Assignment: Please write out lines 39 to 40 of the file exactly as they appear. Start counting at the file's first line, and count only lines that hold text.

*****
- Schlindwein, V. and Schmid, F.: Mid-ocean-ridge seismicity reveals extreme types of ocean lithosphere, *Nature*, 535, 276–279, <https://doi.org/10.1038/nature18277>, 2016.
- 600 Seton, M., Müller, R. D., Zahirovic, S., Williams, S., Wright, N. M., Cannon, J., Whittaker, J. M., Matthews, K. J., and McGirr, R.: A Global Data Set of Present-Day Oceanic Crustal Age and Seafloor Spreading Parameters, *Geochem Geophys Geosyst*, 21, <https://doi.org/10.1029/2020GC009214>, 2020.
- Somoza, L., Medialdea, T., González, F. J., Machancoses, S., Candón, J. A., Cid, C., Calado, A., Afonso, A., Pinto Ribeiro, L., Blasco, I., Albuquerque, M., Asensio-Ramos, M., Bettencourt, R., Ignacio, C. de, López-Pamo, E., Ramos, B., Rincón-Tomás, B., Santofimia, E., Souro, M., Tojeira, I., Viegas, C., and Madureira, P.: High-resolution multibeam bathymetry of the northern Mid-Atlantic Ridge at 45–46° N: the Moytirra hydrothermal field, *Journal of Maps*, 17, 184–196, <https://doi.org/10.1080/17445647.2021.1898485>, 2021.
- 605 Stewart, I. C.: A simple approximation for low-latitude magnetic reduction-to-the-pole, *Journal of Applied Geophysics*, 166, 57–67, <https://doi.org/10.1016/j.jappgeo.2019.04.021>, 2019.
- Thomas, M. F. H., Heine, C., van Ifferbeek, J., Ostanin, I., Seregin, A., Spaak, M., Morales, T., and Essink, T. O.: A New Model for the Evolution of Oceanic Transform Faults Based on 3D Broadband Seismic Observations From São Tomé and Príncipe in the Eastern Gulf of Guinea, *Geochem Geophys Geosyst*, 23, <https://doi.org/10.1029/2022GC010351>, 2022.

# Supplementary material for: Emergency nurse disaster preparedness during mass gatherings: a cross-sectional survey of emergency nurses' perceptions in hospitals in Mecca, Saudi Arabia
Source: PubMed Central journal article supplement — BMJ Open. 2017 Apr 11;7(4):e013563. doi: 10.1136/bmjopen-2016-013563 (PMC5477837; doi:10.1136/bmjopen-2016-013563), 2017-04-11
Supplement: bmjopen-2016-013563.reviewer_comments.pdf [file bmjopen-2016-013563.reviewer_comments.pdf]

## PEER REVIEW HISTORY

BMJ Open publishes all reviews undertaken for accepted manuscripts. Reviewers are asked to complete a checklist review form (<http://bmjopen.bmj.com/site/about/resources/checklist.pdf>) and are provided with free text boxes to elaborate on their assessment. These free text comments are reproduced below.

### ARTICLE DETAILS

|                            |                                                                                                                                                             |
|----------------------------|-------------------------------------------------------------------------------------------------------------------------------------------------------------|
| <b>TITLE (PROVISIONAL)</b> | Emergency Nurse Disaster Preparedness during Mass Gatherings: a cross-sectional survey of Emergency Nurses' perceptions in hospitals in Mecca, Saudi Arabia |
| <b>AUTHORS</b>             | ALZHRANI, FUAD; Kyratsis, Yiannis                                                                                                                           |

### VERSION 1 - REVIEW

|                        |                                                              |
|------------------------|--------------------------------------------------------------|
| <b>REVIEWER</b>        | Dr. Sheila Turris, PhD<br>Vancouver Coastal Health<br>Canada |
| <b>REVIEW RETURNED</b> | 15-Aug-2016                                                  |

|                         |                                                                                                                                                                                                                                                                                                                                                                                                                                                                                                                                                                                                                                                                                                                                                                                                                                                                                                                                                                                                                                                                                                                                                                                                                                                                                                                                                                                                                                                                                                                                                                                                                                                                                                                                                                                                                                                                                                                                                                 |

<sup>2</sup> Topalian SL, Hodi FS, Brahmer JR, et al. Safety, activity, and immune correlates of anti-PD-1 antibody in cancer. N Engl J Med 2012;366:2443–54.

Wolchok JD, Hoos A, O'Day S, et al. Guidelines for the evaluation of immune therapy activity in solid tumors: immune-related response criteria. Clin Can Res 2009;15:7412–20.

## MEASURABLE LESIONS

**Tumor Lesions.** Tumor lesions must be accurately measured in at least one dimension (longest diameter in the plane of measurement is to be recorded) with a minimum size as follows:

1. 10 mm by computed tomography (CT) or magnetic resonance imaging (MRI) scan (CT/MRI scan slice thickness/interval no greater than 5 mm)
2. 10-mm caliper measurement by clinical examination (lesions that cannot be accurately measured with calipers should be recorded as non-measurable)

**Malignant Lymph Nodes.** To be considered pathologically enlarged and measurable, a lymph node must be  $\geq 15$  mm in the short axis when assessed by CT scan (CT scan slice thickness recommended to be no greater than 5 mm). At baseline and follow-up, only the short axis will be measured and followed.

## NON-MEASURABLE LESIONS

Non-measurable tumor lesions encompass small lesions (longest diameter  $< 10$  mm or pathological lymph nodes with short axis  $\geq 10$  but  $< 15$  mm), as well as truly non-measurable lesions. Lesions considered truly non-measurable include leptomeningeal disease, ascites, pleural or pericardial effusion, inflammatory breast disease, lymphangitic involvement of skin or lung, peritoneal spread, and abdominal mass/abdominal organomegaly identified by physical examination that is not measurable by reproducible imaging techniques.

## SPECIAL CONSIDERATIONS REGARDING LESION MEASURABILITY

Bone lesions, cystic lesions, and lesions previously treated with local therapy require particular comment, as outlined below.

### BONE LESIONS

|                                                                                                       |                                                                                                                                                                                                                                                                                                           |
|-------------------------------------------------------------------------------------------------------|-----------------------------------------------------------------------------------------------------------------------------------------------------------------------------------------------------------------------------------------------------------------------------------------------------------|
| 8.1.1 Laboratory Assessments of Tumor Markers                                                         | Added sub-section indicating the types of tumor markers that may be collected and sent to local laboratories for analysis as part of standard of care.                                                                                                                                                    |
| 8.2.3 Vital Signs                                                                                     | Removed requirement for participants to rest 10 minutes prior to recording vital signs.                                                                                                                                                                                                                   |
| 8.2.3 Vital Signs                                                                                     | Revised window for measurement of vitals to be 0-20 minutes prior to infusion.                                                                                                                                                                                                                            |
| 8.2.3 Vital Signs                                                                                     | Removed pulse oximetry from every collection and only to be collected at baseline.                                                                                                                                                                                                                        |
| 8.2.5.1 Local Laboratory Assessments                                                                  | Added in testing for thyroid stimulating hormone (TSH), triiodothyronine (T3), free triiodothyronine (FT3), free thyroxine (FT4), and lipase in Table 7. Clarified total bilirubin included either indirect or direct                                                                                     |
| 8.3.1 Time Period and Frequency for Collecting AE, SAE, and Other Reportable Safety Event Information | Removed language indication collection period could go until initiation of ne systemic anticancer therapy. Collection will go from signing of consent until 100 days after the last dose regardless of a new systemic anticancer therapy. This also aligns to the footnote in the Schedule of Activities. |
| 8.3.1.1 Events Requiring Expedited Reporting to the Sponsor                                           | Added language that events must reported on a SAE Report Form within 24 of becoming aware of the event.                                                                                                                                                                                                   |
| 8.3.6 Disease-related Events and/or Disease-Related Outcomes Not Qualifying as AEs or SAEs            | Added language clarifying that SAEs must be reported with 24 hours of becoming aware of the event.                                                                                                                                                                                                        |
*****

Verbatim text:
| 8.2.3 Vital Signs                                                                                     | Removed pulse oximetry from every collection and only to be collected at baseline.                                                                                                                                                                                                                        |
| 8.2.5.1 Local Laboratory Assessments                                                                  | Added in testing for thyroid stimulating hormone (TSH), triiodothyronine (T3), free triiodothyronine (FT3), free thyroxine (FT4), and lipase in Table 7. Clarified total bilirubin included either indirect or direct                                                                                     |